The Washington Monument Is Open Again: A Brief History Of All The Times It Wasn't
Monday saw the official re-opening of the Washington Monument, having been damaged by a rare D.C.-area earthquake back in 2011. Marred at the time by various cracks, faults and chips as a result of the 5.8 magnitude quake, the monument had to undergo significant repairs and upgrades, to ensure both its present stability and protection from any more tremors. But that wasn't the first time the towering monument, which ranks as the world's tallest obelisk, has been shut down to the public.
In fact, the Washington Monument has had a variety of issues since its construction, which spanned from 1848 to 1884 — a staggering 36 years from inception to finished product, though construction was suspended for 23 of those, interrupted in part by the Civil War.
In 1982, the monument briefly became the site of a tense, life-threatening standoff between U.S. park authorities and Norman Mayer, an anti-nuclear weapons activist who parked a white van at the monument's base before announcing he'd filled it with explosives, threatening to bring down one of America's oldest, most revered sites, likely killing the eight tourists which Mayer trapped inside in the process. After hours of negotiation, Mayer attempted to flee and was shot dead, revealing that he'd lied and had no explosives at all.
The Washington Monument was also extensively renovated from 1998 through 2001, stopping any visitors from ascending to its peak. In an effort to dull the sting of the long closure, a temporary visitor's center was added, which allowed people to simulate a ride to the top and get relevant information about the construction project, or the monument's history — an admirable effort, admittedly, but surely cold comfort for anyone truly dedicated to fully experiencing such a historical location.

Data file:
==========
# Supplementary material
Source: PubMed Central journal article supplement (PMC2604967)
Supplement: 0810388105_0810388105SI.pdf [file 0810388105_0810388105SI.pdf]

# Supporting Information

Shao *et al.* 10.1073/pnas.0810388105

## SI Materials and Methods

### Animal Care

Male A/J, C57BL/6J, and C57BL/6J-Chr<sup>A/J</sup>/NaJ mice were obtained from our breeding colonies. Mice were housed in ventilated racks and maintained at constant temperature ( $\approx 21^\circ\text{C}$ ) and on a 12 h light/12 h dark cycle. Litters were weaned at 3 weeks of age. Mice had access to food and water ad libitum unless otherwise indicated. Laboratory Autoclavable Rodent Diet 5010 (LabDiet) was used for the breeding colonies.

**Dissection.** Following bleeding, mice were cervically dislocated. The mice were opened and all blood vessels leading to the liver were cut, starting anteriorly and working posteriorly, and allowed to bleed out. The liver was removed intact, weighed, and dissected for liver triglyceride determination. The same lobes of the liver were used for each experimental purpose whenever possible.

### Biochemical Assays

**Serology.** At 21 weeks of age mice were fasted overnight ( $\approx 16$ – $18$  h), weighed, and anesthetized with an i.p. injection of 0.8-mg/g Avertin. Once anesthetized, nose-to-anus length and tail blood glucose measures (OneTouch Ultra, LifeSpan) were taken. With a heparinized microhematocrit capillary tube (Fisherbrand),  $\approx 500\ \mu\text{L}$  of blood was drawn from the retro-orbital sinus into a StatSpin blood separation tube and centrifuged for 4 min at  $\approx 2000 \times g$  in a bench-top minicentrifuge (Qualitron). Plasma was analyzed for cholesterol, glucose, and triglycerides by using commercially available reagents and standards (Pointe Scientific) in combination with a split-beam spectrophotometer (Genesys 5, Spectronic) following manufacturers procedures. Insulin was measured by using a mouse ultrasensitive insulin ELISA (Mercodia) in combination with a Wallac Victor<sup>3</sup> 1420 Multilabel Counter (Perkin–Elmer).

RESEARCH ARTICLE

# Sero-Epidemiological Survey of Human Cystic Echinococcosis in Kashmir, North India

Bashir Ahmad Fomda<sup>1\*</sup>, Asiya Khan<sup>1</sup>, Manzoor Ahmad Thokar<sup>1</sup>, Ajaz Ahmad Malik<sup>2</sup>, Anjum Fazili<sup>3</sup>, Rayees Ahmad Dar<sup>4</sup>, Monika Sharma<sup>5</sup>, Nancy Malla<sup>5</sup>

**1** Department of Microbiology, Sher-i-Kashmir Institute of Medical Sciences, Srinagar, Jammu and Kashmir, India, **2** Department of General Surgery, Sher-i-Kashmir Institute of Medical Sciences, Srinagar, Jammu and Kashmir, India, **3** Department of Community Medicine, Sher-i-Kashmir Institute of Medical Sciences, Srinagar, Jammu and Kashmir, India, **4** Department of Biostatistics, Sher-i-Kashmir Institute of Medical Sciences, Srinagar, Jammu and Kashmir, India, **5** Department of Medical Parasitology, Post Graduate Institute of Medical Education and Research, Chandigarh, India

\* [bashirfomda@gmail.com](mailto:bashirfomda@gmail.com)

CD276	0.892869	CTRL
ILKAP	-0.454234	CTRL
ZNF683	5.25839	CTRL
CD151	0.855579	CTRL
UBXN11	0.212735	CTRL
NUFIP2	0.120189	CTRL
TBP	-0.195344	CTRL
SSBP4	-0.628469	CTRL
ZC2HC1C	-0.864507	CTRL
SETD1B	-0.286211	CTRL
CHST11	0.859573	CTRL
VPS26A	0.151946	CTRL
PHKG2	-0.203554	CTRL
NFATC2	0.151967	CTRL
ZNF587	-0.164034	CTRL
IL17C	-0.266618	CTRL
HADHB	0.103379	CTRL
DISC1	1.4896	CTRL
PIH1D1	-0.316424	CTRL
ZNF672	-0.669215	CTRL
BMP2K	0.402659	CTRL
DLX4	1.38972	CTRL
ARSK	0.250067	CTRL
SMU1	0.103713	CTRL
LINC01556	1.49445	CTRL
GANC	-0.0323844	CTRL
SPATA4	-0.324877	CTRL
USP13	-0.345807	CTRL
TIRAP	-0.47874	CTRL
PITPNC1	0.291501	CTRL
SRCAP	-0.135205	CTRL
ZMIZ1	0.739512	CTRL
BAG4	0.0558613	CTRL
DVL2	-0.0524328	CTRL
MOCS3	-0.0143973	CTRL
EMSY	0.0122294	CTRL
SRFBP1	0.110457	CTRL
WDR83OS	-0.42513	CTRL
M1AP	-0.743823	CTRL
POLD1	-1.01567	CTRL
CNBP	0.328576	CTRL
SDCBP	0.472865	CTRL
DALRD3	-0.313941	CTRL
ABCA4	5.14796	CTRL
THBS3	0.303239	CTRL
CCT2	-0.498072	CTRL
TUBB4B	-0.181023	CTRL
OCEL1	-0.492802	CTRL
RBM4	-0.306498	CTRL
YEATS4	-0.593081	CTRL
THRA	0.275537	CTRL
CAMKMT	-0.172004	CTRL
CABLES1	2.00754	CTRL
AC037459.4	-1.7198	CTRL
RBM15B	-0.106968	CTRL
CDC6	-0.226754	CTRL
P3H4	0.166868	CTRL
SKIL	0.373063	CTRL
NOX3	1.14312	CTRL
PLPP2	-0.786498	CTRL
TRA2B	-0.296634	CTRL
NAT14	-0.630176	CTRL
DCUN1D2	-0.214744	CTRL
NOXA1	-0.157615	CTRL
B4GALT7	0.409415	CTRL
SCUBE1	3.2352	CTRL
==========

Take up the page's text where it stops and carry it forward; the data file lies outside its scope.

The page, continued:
The 2011 earthquake ended up sending the monument back into renovation faster than anybody expected. Still, its aesthetic while being worked on was still nothing to sneeze at: Fully encased in scaffolding and warmly, strikingly backlit, the Washington skyline at night may have been a little more cluttered with construction going on, but it was still pretty easy on the eyes.
The price tag to revive the monument from its post-quake falter wasn't cheap, though obviously Washington hurls around so much money as to make it seem like chump change. It cost $15 million in total, half of which was paid via donation by David Rubenstein, a founder of massive private-equity firm The Carlyle Group.
The first tours Monday are set to kick off at 1:00 PM ET, which is to say, they're running right now! Welcome back, Washington Monument, we all missed you.